The Ministry of Justice for England and Wales (MoJ) wants to make money out of the punishment system of Saudi Arabia.
It has a “commercial” proposal — made with the apparent blessing of the UK secretary of state for justice Chris Grayling — whereby it will charge £5.9m for providing scarce UK civil service resources funded by the UK taxpayer to one of the most brutal legal systems in the world.
How has this happened?
Our story starts with Saudi Arabia and the sheer nastiness of its legal system. In the last two weeks this regime has had worldwide attention.
This is in part because of the case of Raif Badawi, a writer who was sentenced to be flogged 1,000 times in batches of 50 lashes — because he created and wrote for a liberal website, the Saudi Free Liberals Forum. His first official beating was two weeks ago in front of a mosque in Jeddah; the one scheduled for last week did not go ahead, it is said, for medical reasons. International horror at the punishment appears to have now prompted the case’s referral to the country’s supreme court.
But the Badawi case is not the only one to have received publicity. Last week Layla Bint Abdul Mutaleb Basim was dragged through a street in Mecca and beheaded. She died screaming her innocence. The execution was not done smoothly: a video shows her head was hacked off with three blows, with no anaesthetic. Again this procedure was a formal punishment — an example of the Saudi legal system in action. Read more
The Ministry of Justice – which is responsible for the prison system in England and Wales – decided in November 2013 that it will restrict books that can be received by serving prisoners. This week the excellent Howard League drew public attention to this, and yesterday a number of distinguished authors signed a letter of protest.
We need to be clear as to the nature of the policy. The relevant document is here (Word document, see especially pages 45 and 56). It is not a general “ban” on books as such. Prisoners will still have access to the books in the prison library and can have up to 12 books in their cell – but access to any books sent from outside prison – either purchased or sent by friends and family – will only be as rewards for good behaviour. The prospect of books, like trinkets, will be dangled to prisoners as treats. Read more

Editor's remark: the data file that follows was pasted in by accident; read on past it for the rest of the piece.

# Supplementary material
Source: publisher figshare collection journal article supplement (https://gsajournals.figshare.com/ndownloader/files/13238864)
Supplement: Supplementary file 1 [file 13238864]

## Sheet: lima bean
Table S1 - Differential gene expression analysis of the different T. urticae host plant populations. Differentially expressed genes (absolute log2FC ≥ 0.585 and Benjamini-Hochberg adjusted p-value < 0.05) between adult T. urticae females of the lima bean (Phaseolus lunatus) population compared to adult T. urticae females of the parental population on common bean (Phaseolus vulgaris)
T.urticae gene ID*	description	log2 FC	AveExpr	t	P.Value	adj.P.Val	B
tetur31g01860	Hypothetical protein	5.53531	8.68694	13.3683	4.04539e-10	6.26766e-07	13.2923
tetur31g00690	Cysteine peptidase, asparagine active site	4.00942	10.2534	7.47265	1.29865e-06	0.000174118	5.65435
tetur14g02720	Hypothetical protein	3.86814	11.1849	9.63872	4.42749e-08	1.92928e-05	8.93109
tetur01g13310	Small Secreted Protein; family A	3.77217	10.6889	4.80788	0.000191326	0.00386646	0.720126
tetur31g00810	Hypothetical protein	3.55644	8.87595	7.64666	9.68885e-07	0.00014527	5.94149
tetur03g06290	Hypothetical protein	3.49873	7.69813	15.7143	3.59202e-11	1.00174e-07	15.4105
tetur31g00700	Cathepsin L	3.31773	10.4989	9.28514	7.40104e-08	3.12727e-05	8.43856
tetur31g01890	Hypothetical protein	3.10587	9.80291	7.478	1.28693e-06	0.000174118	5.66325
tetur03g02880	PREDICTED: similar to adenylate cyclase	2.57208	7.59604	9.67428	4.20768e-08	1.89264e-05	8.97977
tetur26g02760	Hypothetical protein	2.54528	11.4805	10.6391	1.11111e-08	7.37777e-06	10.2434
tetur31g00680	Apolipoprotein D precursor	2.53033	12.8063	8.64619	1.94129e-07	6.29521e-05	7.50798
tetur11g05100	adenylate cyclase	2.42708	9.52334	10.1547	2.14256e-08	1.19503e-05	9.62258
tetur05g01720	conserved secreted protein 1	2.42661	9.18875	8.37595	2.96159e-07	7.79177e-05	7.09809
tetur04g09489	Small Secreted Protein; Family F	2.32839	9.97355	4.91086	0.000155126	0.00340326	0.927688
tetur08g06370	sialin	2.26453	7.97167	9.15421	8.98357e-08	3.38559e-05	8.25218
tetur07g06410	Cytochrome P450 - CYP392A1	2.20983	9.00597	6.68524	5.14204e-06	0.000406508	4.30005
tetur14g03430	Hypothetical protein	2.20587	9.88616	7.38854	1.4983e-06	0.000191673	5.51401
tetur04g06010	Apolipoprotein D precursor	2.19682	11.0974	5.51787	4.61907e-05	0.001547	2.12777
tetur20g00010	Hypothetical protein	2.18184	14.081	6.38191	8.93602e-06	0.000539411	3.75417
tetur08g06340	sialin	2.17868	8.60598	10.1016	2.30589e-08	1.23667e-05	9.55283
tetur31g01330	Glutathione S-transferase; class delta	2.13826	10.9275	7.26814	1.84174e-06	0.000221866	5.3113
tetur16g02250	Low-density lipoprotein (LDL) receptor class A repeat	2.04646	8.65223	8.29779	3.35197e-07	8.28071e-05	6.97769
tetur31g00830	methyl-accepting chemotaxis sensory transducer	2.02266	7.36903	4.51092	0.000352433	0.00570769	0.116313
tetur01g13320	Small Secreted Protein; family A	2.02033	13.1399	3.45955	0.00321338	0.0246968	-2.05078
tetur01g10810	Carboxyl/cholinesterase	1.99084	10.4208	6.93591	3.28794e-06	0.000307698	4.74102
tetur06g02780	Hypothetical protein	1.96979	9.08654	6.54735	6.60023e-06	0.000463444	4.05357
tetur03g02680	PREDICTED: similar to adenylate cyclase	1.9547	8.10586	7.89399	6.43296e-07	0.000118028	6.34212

Dawn arrests and long bail are two extreme examples of how the coercive power of the state can be applied to individuals.
The first is short and dramatic: a loud knock on the door in the early hours followed by your arrest and removal to a police station, whilst your is home is invaded and thoroughly turned over by a team of uniformed police officers. And the second is painful and ongoing: after the arrest and release on bail, then weeks or months – or even years – will go by without you knowing whether you will be charged or not.
In both situations, there has been a lot of attention by reason of the various police operations connected to the conduct of the tabloid media. Of course, this publicity is not surprising: many of those arrested are, by definition, professional communicators.
But neither dawn arrests nor long terms of bail are particularly a journalists’ problem. Both go wider; it is merely because they have happened to media folk that what has happened and its impact on those involved is clearer for others to see.
Are there any good reasons for these dawn arrests and the long bail? Is there, as a reporter would ask, another side to the story? Or are there wider problems here, which the current media-related cases are acting to bring to light? Read more
Here is a thought-experiment: imagine that you have asked some mischievous demon to conceive the most counter-productive way of dealing with crime. What fiendish scheme would this diabolic agent devise?
The demon could suggest a system where offenders are kept together with more serious and experienced criminals for months or years, and so can learn from them; where the offender is taken away from any gainful employment and social support or family network; where the offender is put in places where drugs and brutality are rife; where the infliction of a penalty can make the offender more, and not less, likely to re-offend; and where all this is done at extraordinary expense for the taxpayer.
A system, in other words, very much like the prison system we now have in England and Wales, as well as in many other jurisdictions. Read more